As internal auditors, we typically perform our work according to the methodology adopted by our organization. The department likely has a set process for conducting the audit, drafting the report, and presenting any findings to management. These internal processes are finely tuned over years as internal audit managers carefully position the department to add the most value while mitigating potential friction — yet one drawback to this approach is that staff may be reluctant to challenge ingrained processes, suggest possible improvements, and consider alternative audit approaches, even though we are trained to look critically at other team’s processes during audit fieldwork.
For me, discovering mystery shopping has helped me realize the value of applying an auditor’s professional scrutiny to so many aspects of life. Mystery shopping is used by companies who want insights into their operations quickly and from an outside perspective — and an audit background makes us uniquely suited to excel at them. By performing over 250 mystery audits, I’ve sharpened my core audit skills through exposure to numerous businesses. In this article, I will share my three most valuable lessons to help auditors approach our work with a fresh perspective.
My Experience With Mystery Shopping
For those unfamiliar with mystery shopping, many companies will hire individuals to go experience their products and services and provide feedback on their experiences. I was introduced to mystery shopping while working with a retail client who used feedback from mystery shoppers to improve their stores’ operations. I was intrigued by the positive impact these engagements had and started mystery shopping as a freelancer outside of my day job. Anyone can do mystery shopping, but as an internal auditor, I realized I could bring a much higher level of professional skepticism and attention to detail than the average person. My audit skill set is extremely valuable, and prominent companies now seek me out for their mystery shopping engagements. Just as importantly, I realized that mystery shopping pushed me to reexamine how I approached my formal internal audit position in key ways.
Lesson 1: Learn From New Experiences
As mentioned earlier, internal auditors are usually expected to conform to the established audit processes that were in place before we arrived. Mystery auditing allowed me to experience different companies with various expectations and internal processes. Exposure to different approaches and ideas enhances your knowledge, expands your skills, and makes you a better internal auditor.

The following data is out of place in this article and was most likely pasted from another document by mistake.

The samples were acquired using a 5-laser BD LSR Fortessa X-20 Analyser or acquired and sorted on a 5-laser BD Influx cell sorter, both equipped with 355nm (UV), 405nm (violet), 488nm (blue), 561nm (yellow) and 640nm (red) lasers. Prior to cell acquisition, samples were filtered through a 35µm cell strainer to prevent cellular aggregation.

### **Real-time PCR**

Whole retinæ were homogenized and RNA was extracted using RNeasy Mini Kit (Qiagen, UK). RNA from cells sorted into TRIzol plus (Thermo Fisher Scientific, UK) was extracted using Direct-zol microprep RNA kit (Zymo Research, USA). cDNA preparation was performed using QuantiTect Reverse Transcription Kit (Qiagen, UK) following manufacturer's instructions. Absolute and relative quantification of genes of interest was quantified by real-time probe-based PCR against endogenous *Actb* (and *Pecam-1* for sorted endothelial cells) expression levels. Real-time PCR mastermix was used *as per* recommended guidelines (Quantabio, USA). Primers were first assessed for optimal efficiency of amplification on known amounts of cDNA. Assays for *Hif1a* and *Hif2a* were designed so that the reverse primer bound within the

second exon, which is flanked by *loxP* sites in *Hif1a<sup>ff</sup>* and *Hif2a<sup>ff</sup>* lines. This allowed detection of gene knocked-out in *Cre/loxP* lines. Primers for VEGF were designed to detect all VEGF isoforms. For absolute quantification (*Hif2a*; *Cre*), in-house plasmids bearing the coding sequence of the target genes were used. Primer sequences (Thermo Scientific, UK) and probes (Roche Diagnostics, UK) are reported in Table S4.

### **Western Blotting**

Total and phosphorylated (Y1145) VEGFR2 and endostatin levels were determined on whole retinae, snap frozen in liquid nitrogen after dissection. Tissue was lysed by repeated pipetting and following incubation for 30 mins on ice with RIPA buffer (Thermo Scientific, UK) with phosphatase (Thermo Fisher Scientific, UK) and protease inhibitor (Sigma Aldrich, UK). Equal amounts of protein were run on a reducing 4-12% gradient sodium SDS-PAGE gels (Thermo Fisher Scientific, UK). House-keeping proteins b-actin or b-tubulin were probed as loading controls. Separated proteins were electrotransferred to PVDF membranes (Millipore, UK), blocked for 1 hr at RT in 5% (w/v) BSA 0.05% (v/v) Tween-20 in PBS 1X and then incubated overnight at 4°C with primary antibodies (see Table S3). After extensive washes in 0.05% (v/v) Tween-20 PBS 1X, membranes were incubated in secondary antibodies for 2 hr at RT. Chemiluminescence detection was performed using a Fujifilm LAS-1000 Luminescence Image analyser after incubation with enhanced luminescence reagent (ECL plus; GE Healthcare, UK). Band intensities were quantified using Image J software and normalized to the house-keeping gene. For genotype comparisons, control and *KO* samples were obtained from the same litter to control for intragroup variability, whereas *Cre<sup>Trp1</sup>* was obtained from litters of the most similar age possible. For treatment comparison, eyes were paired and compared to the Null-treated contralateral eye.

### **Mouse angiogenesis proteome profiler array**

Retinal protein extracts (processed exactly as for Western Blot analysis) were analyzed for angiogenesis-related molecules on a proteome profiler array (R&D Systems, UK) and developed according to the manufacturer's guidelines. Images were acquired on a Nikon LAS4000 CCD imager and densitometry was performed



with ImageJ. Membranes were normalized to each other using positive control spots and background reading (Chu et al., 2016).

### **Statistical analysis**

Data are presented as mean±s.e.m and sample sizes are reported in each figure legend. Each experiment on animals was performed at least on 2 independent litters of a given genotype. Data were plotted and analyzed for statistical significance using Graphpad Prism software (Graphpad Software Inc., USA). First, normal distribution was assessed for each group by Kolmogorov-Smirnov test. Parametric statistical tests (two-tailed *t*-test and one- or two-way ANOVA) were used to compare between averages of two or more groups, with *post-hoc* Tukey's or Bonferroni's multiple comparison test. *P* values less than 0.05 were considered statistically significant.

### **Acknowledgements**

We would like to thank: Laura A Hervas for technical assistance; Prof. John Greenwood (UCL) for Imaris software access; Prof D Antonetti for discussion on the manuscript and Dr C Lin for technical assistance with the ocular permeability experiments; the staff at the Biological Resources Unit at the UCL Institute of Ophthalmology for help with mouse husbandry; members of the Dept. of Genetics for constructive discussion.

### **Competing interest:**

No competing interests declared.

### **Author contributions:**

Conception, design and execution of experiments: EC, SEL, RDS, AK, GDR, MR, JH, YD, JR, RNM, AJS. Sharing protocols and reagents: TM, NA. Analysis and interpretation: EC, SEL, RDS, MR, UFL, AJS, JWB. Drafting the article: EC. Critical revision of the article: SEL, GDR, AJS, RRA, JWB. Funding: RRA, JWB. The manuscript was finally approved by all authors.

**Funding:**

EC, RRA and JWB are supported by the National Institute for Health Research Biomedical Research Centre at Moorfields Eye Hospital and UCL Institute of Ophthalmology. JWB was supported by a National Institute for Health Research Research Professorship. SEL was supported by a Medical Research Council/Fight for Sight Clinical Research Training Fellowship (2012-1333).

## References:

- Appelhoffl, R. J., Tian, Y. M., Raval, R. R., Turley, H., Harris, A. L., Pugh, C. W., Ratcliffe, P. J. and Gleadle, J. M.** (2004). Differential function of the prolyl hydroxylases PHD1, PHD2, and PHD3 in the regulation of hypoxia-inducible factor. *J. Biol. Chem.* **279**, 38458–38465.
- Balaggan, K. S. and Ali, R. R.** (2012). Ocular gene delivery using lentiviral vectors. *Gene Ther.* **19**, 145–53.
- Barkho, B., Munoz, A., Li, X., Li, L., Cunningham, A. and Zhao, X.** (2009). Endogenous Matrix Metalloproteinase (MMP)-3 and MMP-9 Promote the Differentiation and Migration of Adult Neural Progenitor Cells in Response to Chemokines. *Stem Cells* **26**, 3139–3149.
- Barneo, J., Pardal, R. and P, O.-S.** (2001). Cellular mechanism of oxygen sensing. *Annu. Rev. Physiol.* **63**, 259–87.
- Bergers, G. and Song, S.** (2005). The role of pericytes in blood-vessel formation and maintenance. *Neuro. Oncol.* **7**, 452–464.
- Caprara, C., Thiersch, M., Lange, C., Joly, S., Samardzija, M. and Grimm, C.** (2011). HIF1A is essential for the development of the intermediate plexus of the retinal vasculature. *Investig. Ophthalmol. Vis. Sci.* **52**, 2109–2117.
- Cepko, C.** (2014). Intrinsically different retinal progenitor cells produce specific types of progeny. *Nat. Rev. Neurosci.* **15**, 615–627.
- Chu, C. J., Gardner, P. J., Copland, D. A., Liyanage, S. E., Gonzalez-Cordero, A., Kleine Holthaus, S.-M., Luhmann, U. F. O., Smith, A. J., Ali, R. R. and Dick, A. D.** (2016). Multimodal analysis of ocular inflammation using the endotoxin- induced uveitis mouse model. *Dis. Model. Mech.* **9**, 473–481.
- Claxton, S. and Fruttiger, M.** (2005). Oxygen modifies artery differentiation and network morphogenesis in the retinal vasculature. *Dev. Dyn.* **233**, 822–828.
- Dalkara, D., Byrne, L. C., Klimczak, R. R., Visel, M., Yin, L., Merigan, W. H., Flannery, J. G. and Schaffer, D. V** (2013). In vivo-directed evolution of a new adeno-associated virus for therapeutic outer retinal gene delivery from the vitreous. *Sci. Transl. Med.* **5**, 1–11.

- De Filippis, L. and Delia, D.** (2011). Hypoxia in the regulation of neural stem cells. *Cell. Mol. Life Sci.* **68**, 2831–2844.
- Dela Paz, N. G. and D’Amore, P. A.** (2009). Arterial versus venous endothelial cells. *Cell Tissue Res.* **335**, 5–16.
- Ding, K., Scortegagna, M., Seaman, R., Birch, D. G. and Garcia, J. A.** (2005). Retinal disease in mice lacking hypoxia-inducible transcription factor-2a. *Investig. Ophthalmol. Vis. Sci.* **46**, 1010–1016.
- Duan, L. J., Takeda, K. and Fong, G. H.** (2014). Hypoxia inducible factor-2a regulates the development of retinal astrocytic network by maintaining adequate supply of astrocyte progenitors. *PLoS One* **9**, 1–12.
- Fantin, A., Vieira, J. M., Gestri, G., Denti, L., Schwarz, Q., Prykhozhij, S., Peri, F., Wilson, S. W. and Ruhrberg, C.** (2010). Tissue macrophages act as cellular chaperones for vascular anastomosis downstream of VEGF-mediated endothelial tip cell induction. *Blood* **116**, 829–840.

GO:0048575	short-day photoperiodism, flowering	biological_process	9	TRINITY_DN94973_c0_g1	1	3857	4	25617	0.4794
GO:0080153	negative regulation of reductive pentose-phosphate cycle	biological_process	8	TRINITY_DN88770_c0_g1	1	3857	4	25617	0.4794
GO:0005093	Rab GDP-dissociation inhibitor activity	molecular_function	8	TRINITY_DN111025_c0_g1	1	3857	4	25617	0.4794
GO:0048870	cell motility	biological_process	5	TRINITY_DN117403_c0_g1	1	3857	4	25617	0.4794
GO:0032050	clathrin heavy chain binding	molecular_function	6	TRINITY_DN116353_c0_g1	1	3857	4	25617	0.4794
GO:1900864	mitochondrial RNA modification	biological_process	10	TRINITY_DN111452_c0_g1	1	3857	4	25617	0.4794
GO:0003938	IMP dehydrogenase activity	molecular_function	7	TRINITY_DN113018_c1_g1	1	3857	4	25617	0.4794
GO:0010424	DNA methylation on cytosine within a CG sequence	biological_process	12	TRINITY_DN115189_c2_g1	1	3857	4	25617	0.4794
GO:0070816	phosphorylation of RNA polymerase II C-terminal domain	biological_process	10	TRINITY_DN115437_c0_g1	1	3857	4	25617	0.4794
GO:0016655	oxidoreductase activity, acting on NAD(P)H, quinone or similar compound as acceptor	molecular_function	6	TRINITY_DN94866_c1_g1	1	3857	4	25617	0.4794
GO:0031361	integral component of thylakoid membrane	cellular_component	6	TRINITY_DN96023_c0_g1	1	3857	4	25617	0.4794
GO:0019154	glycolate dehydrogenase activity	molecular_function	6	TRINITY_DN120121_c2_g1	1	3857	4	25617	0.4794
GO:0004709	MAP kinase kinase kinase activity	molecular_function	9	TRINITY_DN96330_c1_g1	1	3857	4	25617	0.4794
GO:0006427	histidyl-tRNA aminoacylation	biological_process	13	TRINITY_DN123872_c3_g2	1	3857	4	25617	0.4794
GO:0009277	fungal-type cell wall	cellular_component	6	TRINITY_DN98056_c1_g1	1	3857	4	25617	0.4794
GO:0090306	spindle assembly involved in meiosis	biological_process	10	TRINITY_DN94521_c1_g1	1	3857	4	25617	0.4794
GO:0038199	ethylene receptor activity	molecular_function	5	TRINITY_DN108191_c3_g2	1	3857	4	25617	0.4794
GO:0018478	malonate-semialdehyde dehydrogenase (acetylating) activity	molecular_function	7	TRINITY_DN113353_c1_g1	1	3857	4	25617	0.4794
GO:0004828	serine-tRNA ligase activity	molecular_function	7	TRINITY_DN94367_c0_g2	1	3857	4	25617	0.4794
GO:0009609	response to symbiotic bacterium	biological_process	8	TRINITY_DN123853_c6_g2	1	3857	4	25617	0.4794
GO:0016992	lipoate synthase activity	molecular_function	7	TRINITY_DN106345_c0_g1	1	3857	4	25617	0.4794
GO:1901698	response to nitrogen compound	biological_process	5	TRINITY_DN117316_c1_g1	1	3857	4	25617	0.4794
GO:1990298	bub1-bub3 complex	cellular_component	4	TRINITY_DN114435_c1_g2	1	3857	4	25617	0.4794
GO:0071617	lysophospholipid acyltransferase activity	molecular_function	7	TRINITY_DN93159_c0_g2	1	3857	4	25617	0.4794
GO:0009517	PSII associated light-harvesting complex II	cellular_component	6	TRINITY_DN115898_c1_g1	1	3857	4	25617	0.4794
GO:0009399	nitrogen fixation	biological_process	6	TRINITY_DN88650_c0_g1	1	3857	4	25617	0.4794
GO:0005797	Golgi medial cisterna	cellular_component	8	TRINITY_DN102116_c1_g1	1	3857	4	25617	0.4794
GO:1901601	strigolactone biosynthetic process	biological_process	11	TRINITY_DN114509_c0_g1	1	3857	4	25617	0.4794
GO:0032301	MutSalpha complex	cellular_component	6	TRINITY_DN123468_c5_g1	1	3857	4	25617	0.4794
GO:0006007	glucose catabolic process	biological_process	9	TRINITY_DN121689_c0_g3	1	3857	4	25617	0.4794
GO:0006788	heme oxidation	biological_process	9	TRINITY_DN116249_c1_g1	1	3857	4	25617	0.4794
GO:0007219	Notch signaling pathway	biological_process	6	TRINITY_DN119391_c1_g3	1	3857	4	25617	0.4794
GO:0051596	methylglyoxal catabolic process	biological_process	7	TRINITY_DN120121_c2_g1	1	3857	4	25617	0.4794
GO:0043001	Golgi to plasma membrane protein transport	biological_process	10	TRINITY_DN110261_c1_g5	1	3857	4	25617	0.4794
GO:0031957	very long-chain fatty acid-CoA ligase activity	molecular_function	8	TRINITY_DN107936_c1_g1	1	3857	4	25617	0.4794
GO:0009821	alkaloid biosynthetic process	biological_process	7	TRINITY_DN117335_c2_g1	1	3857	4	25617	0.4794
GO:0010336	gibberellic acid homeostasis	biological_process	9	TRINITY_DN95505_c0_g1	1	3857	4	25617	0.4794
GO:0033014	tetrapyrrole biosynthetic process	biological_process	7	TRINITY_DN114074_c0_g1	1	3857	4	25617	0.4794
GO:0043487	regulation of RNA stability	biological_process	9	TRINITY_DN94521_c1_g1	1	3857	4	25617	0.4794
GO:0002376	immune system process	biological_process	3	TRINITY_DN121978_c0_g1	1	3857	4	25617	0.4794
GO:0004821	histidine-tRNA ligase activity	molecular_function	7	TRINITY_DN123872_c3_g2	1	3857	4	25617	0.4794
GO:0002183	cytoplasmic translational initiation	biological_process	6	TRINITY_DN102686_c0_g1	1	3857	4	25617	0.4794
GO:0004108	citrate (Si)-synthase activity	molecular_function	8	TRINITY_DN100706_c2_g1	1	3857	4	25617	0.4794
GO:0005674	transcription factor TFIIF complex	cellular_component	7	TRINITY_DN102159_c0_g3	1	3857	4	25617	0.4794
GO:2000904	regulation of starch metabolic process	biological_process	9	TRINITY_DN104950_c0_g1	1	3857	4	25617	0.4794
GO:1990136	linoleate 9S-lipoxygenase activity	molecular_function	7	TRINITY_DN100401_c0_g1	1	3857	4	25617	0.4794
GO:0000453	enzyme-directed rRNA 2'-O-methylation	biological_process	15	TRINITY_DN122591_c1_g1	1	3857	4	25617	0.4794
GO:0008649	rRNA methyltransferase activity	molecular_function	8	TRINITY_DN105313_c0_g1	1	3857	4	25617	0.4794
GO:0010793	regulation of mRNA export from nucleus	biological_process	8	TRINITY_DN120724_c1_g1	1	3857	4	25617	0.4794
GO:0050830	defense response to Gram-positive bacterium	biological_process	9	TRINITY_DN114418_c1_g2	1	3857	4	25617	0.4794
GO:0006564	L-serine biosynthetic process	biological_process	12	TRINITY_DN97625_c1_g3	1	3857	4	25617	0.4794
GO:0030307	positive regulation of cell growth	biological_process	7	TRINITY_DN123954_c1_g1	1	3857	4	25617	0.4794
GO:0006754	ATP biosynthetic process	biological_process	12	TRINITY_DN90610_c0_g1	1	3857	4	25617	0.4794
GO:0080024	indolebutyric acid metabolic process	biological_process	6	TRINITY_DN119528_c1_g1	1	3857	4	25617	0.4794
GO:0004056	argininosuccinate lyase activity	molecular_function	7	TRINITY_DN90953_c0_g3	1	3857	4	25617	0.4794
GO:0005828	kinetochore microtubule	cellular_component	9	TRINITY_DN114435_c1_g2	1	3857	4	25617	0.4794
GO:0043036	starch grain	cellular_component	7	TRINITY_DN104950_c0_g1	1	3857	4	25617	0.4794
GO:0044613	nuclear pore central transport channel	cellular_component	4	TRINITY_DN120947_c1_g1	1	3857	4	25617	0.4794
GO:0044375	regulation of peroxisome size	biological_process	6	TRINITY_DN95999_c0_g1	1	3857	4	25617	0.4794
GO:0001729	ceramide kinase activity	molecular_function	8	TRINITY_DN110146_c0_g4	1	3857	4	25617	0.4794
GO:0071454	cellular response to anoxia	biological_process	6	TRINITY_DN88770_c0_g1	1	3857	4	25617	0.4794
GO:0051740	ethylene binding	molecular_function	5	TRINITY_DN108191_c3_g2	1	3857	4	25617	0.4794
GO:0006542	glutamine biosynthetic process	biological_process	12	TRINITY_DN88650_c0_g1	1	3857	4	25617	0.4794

For example, years ago at a previous organization, my team used Excel spreadsheets in the internal audit department to capture data. Collating the data would take weeks as evidence needed to be translated into reports. However, I leveraged experience using Google Sheets that I gained on a mystery audit and enabled my audit team to collaborate in real time. Incorporating a different technology into the audit work made us more efficient, improved our reporting, and even set us up to make further improvements by incorporating data analytics later.
Lesson 2: Think From a Customer’s Perspective
Most mystery shopping happens in retail locations and requires the auditor to approach and evaluate the location from a customer’s point of view. Companies generally describe the work to be performed, and provide questionnaires to be filled by the person performing the mystery shopping. These questionnaires helped me to understand what the person receiving the report needs to know. It organizes the review results into priority categories to help the person reading quickly understand which observations are most critical to the customers.
We can include a customer’s perspective in our work in internal audit, which might impact the recommendations you provide to your stakeholders. For example, if we perform a process improvement audit, we could approach the project from a cost-saving point of view, but that could result in a negative customer experience, which might harm the brand. On the other hand, the same evaluation performed from a customer-centric perspective could lead to a different set of recommendations geared toward a better customer experience.
Lesson 3: Communicate Clearly and Focus on Results
All auditing — including mystery shopping — requires good communication, negotiation, and report writing skills. At the end of a lot of mystery shopping, I may have to report my findings to the institution’s manager. I have learned to tailor the communication to best fit the recipient. For some, the best communication style is to bring them into the store area so they can see a scenario described in the report for themselves.
In our audit practice, we should be mindful of using a common language typical for the audited area and a writing style easily understood by the people reading the report. When we communicate audit results this way, the message recipient can easily comprehend the observations and actions they should take based on our work without getting bogged down in technical jargon.
The Value of Seeing Things Differently
My advice overall is to be receptive to different ideas and open to changes that might improve your existing processes. You don’t need to be a mystery shopper to introduce innovation and process improvements based on your wealth of personal experience. One starting point could be to view your current organization through a customer’s eyes. Then if it makes sense, incorporate both the customer perspective and your professional audit perspective into your audit work. I’m confident that striving to see things a little differently can add tremendous value to your work, just as it has with mine.